Trump’s Words Helped Him Win—And That’s Troubling

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Donald Trump speaking in front of a crowd with both hands raised

The effects of this year’s presidential election, exhausting and exhaustive as it was, will reverberate locally, nationally and globally for decades. This is true of all presidential elections, but the contrast between Donald Trump and Hillary Clinton could not have been more pronounced. The difference between the two was not just on policy or on the way they ran their campaigns, but the language they used in doing so.

Where Clinton used a language of inclusion and was lawyerly in her precision, Trump was vague and often non-sensical, but direct. It’s been pointed out how this election showed once and for all that Democrats and Republicans really do speak different languages.

The irony is that for all her exactitude, Clinton often sounded as if she was talking about types of people rather than actual ones. In her attempt to talk about everyone, she talked about no one. Trump was the opposite. His slogan—Make America Great Again—talked about no one, but his supporters knew what he meant and that he was talking to them. Even Trump’s name is a word that represents a winning card.

In short, Clinton sounded like a politician, whereas Trump did not. When Trump tried to formalize his rhetoric by speaking from the dreaded teleprompter, he sounded unnatural and emasculated. Pundits and consultants praised the professionalized Trump, blind to the reality that in 2016, a year in which voters demanded change, the difference between sounding like a career politician and sounding like your uncle after a few Yuenglings was the difference between defeat and victory.

Which is not to say that Trump won simply because of his word choice. A bevy of post-mortems notwithstanding, there is no one reason for Trump’s victory and Clinton’s defeat—even calling it a defeat is something of a misnomer since she earned more than a million votes than he did in the popular vote. Nevertheless, her loss was one of a thousand cuts. A short list of what did Clinton in might include these circumstances:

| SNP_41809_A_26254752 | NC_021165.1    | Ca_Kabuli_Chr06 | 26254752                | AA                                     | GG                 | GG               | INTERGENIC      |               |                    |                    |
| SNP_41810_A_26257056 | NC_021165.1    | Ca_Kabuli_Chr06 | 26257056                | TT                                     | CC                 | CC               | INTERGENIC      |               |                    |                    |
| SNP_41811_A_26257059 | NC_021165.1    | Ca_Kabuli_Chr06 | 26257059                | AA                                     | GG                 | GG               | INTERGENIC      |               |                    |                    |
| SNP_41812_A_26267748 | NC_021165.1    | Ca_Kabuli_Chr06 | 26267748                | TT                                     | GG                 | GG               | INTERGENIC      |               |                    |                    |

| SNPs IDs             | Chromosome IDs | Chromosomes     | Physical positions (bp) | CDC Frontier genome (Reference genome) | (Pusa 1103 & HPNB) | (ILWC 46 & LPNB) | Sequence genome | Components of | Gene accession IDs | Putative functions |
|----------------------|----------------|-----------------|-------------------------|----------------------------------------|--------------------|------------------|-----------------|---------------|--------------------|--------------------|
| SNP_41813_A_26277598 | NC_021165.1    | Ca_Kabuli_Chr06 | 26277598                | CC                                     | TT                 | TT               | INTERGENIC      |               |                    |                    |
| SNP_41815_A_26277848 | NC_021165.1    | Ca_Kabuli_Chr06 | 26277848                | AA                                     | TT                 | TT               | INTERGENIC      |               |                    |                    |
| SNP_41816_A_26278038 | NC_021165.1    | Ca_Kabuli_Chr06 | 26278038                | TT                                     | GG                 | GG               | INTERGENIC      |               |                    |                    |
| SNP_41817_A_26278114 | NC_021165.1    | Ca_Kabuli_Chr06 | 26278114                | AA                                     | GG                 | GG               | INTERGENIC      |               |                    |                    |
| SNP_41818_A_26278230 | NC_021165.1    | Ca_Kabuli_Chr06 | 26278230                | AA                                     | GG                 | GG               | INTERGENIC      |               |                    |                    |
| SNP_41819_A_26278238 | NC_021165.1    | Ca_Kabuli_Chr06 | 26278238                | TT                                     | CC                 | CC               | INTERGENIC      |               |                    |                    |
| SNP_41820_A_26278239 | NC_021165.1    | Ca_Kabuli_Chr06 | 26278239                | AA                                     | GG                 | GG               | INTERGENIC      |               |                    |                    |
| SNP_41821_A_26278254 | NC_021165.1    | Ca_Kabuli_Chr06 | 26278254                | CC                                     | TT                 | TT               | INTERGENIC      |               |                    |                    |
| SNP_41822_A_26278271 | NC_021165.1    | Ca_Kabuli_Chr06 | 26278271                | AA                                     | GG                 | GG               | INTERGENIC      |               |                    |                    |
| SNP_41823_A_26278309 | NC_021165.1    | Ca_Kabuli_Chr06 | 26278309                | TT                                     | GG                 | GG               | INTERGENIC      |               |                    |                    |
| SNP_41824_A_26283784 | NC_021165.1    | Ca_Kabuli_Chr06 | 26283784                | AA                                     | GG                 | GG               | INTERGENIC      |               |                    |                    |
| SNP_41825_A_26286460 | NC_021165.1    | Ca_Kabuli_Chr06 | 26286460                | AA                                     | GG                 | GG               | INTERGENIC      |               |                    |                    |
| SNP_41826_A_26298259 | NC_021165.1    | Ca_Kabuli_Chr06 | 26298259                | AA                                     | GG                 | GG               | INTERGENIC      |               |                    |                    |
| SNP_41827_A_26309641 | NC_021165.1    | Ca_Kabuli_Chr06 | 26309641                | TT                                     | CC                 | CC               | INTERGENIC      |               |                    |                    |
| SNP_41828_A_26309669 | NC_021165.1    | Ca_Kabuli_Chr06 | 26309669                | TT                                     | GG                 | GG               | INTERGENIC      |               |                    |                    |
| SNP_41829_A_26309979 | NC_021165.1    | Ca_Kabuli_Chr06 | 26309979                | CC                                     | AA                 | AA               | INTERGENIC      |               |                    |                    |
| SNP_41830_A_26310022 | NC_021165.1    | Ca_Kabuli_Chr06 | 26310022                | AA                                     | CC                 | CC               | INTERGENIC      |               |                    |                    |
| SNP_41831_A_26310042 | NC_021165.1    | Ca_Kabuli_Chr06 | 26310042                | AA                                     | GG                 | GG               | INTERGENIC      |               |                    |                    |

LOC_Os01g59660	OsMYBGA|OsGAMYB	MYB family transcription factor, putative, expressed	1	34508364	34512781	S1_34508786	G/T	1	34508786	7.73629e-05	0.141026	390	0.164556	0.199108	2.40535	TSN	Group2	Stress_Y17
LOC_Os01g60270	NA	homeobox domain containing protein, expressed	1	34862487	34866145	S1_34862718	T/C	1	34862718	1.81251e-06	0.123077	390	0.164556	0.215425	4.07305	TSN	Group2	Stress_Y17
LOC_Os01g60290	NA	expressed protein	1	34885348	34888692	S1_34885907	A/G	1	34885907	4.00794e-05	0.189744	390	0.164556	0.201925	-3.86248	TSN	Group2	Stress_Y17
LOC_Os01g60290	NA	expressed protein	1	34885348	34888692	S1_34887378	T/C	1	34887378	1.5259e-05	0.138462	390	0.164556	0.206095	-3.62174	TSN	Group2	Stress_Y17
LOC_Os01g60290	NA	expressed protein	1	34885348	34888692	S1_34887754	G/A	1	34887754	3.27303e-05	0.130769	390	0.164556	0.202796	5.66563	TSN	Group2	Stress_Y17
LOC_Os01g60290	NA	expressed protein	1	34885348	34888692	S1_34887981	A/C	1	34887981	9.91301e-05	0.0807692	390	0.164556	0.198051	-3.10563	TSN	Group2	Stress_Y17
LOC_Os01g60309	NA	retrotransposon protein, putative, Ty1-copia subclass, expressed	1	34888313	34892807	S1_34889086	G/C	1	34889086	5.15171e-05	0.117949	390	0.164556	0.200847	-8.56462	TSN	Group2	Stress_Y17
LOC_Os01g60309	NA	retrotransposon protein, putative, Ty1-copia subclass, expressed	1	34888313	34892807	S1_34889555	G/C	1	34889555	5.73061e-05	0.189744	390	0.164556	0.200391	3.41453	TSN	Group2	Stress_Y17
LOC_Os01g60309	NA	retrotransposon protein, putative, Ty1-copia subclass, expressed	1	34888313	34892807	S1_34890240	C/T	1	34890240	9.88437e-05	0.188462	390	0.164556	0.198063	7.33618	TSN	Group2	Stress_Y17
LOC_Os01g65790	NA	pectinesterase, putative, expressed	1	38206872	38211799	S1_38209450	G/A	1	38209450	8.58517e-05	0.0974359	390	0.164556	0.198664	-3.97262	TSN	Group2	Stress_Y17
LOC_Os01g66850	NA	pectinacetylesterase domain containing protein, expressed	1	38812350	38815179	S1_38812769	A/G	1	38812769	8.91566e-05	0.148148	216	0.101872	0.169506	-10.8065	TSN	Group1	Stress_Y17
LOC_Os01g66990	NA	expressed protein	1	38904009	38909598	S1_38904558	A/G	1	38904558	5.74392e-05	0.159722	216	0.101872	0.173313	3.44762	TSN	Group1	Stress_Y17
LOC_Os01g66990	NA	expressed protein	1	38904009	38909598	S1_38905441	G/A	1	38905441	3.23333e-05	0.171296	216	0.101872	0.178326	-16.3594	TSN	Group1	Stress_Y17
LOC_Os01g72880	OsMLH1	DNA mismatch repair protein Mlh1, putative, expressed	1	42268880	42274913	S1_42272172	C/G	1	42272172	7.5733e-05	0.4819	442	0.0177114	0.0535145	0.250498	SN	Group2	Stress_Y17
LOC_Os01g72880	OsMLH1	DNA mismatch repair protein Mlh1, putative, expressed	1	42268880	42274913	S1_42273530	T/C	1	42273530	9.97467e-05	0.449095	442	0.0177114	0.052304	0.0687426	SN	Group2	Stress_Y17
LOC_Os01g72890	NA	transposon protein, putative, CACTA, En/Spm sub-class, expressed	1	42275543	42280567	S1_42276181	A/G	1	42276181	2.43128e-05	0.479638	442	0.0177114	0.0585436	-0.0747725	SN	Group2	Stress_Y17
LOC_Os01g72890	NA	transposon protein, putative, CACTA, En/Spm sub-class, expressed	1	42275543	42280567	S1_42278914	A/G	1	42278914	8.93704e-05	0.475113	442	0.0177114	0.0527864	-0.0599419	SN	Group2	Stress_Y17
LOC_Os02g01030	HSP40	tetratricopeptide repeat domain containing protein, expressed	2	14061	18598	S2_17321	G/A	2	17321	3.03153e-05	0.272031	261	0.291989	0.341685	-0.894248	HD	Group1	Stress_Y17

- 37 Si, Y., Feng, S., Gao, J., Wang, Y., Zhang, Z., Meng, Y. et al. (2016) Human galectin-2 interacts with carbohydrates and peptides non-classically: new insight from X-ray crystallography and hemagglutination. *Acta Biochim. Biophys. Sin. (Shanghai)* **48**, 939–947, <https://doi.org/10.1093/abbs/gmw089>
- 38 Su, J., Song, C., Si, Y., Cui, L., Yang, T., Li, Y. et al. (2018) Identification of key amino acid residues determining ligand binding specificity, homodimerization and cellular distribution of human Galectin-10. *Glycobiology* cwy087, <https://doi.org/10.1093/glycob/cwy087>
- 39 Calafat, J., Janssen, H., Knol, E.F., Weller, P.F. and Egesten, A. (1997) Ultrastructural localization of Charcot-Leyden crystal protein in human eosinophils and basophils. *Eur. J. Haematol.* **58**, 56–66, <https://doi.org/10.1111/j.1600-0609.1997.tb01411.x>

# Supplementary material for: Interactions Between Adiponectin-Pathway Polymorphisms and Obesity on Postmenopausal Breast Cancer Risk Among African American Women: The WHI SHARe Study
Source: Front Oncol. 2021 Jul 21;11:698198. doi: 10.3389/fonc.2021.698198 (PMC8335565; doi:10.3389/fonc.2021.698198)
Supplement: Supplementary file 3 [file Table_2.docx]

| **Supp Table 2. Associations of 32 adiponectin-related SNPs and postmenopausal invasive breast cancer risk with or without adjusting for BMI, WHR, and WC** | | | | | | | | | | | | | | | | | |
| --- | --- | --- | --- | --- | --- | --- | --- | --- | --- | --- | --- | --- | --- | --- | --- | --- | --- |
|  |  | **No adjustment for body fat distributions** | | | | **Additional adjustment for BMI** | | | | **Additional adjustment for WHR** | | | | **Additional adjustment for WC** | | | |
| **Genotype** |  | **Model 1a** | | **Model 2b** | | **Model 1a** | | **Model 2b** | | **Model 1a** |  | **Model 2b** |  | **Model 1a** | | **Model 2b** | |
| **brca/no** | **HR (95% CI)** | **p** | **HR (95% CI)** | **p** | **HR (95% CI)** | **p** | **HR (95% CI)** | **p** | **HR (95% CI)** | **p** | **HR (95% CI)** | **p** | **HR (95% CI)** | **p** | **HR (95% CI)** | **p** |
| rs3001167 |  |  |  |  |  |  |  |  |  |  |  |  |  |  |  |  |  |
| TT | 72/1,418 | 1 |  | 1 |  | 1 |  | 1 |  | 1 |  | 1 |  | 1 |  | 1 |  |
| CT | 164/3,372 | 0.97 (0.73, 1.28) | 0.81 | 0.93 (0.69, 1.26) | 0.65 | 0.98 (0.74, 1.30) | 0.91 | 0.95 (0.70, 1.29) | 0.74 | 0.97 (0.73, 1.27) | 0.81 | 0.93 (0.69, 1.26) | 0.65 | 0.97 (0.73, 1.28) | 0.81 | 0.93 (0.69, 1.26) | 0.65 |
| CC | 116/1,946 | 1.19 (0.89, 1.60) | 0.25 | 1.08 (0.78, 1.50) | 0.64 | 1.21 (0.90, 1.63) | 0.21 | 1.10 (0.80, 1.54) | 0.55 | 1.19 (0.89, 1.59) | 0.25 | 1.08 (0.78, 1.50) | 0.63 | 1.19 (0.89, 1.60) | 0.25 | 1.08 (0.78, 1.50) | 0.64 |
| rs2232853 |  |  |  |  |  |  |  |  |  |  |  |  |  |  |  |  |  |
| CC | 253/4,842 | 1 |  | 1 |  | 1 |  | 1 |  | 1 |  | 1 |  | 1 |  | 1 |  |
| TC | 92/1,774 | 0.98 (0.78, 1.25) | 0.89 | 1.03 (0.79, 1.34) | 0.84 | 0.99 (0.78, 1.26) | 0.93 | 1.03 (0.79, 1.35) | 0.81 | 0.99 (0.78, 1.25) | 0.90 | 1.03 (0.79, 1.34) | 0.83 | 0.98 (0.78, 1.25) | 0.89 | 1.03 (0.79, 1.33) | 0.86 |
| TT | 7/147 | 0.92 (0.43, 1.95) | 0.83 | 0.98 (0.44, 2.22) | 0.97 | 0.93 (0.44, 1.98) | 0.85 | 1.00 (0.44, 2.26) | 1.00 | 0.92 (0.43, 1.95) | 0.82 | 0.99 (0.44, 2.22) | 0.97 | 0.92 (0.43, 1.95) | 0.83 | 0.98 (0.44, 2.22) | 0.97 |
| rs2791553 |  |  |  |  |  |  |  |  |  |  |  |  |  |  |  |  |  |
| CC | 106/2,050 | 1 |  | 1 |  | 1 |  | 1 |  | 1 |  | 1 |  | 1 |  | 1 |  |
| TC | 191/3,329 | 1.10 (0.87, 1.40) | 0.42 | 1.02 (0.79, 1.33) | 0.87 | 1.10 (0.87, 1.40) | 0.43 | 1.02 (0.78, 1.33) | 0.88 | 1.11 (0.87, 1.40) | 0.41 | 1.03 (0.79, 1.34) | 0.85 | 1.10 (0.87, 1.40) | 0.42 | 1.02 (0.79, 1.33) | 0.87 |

• The media obsessed over her emails, which was a story every voter could understand and could be easily linked to the negatives that had come to be associated with Clinton.
  • Conversely, Trump had far more scandals than Clinton. His attitude towards women and minorities, his shady business dealings, his mistreatment of contractors with whom he did business are just a sample of his character flaws. Yet rather than hurt him, they symbolized to many the allure of his outsider status.
  • The free media coverage Trump received in the primaries got his campaign off the ground and gave it an air of legitimacy.
  • There are deep divisions along gender, racial, and class lines in the United States.

It’s not as if voters ignored Trump’s flaws. Throughout the election, polls showed his favorability was worse than Clinton’s (though his victory demonstrates the degree to which we ought to trust polls).

Simplicity in language has been utilized by storytellers since the written word was mass-produced. It was perfected by Mark Twain and Ernest Hemingway and more recently, by the likes of Cormac McCarthy. Simplicity’s power is undeniable and some think Trump’s victory should be celebrated as a return to the language of the every man or, at least, a rebuke of flowery rhetoric that conceals genuine meaning.

That would be a mistake. For to believe that Trump’s ascension is a victory for plainspoken rhetoric is to conflate simplicity with truth. Trump is a specific case. He is not of a type, though he is hardly the first politician to resort to straight talk (see John McCain circa 2000) or gutter tactics (see Richard Nixon in 1972 and many others). What distinguishes Trump is his relationship with the truth. Yes, it’s true all politicians fudge facts as means justifying their ends, but Trump is a fabulist of a spectacular sort. His choices of words don’t hide his psyche; they reveal it. In a recent cover story, the Economist blamed Trump for debasing our discourse and, by extension, our democracy. Trump’s lies are so frequent that it’s difficult to tell whether he lies on purpose or that what he believes is just wrong. One fact-checker tracked that Trump lies seventy percent of the time. Clinton, conversely, was at twenty-six percent.

That such a prolific liar is now president is justifiable cause for alarm.

Just as troubling is the acknowledgment that millions of people who voted for Obama, with his obvious love of the written word, also voted for Trump.

Only the annals of literature could create a character as confounding as the American public. Which is why it may be left to a novelist to make sense of this election.